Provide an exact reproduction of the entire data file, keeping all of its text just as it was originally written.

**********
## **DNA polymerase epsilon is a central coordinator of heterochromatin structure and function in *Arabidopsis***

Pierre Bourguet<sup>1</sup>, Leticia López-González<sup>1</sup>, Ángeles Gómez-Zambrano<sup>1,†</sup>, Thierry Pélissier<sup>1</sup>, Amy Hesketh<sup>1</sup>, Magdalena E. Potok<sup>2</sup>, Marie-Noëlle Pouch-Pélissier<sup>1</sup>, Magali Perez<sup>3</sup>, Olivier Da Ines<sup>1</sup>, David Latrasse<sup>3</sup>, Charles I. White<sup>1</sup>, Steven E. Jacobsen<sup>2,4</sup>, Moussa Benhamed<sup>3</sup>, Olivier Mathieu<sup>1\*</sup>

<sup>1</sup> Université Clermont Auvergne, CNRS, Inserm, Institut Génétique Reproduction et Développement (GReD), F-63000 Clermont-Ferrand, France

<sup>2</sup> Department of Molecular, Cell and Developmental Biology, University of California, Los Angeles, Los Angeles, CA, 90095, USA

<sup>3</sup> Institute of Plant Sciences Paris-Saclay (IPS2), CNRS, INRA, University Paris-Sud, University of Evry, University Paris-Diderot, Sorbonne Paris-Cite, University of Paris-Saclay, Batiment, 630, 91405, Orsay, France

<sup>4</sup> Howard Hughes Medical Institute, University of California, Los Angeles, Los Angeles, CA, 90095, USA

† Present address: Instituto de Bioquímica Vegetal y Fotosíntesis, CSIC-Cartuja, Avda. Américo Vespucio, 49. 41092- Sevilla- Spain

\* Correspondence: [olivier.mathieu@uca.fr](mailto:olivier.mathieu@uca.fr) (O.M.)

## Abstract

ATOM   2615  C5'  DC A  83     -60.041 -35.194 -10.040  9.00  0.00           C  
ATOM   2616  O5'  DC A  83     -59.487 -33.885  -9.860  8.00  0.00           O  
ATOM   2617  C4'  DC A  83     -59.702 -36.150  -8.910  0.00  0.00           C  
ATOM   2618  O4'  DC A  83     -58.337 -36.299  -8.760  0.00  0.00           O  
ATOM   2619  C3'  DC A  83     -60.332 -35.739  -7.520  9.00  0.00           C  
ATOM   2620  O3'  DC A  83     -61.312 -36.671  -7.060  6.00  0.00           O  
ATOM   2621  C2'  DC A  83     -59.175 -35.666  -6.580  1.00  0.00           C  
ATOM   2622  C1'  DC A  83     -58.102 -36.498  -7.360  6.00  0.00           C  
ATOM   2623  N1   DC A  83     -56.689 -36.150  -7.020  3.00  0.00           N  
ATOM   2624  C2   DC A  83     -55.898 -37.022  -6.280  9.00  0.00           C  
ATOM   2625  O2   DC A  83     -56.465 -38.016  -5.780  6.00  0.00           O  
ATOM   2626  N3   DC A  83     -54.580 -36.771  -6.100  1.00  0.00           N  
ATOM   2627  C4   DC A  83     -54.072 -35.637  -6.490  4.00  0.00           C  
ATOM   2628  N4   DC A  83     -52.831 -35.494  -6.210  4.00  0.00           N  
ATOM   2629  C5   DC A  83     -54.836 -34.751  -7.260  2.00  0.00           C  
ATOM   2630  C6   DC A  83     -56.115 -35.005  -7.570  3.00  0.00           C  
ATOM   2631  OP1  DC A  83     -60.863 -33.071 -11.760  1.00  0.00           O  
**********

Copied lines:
## **DNA polymerase epsilon is a central coordinator of heterochromatin structure and function in *Arabidopsis***

Pierre Bourguet<sup>1</sup>, Leticia López-González<sup>1</sup>, Ángeles Gómez-Zambrano<sup>1,†</sup>, Thierry Pélissier<sup>1</sup>, Amy Hesketh<sup>1</sup>, Magdalena E. Potok<sup>2</sup>, Marie-Noëlle Pouch-Pélissier<sup>1</sup>, Magali Perez<sup>3</sup>, Olivier Da Ines<sup>1</sup>, David Latrasse<sup>3</sup>, Charles I. White<sup>1</sup>, Steven E. Jacobsen<sup>2,4</sup>, Moussa Benhamed<sup>3</sup>, Olivier Mathieu<sup>1\*</sup>

<sup>1</sup> Université Clermont Auvergne, CNRS, Inserm, Institut Génétique Reproduction et Développement (GReD), F-63000 Clermont-Ferrand, France

<sup>2</sup> Department of Molecular, Cell and Developmental Biology, University of California, Los Angeles, Los Angeles, CA, 90095, USA

<sup>3</sup> Institute of Plant Sciences Paris-Saclay (IPS2), CNRS, INRA, University Paris-Sud, University of Evry, University Paris-Diderot, Sorbonne Paris-Cite, University of Paris-Saclay, Batiment, 630, 91405, Orsay, France

<sup>4</sup> Howard Hughes Medical Institute, University of California, Los Angeles, Los Angeles, CA, 90095, USA

† Present address: Instituto de Bioquímica Vegetal y Fotosíntesis, CSIC-Cartuja, Avda. Américo Vespucio, 49. 41092- Sevilla- Spain

\* Correspondence: [olivier.mathieu@uca.fr](mailto:olivier.mathieu@uca.fr) (O.M.)

## Abstract

ATOM   2615  C5'  DC A  83     -60.041 -35.194 -10.040  9.00  0.00           C  
ATOM   2616  O5'  DC A  83     -59.487 -33.885  -9.860  8.00  0.00           O  
ATOM   2617  C4'  DC A  83     -59.702 -36.150  -8.910  0.00  0.00           C  
ATOM   2618  O4'  DC A  83     -58.337 -36.299  -8.760  0.00  0.00           O  
ATOM   2619  C3'  DC A  83     -60.332 -35.739  -7.520  9.00  0.00           C  
ATOM   2620  O3'  DC A  83     -61.312 -36.671  -7.060  6.00  0.00           O  
ATOM   2621  C2'  DC A  83     -59.175 -35.666  -6.580  1.00  0.00           C  
ATOM   2622  C1'  DC A  83     -58.102 -36.498  -7.360  6.00  0.00           C  
ATOM   2623  N1   DC A  83     -56.689 -36.150  -7.020  3.00  0.00           N  
ATOM   2624  C2   DC A  83     -55.898 -37.022  -6.280  9.00  0.00           C  
ATOM   2625  O2   DC A  83     -56.465 -38.016  -5.780  6.00  0.00           O  
ATOM   2626  N3   DC A  83     -54.580 -36.771  -6.100  1.00  0.00           N  
ATOM   2627  C4   DC A  83     -54.072 -35.637  -6.490  4.00  0.00           C  
ATOM   2628  N4   DC A  83     -52.831 -35.494  -6.210  4.00  0.00           N  
ATOM   2629  C5   DC A  83     -54.836 -34.751  -7.260  2.00  0.00           C  
ATOM   2630  C6   DC A  83     -56.115 -35.005  -7.570  3.00  0.00           C  
ATOM   2631  OP1  DC A  83     -60.863 -33.071 -11.760  1.00  0.00           O  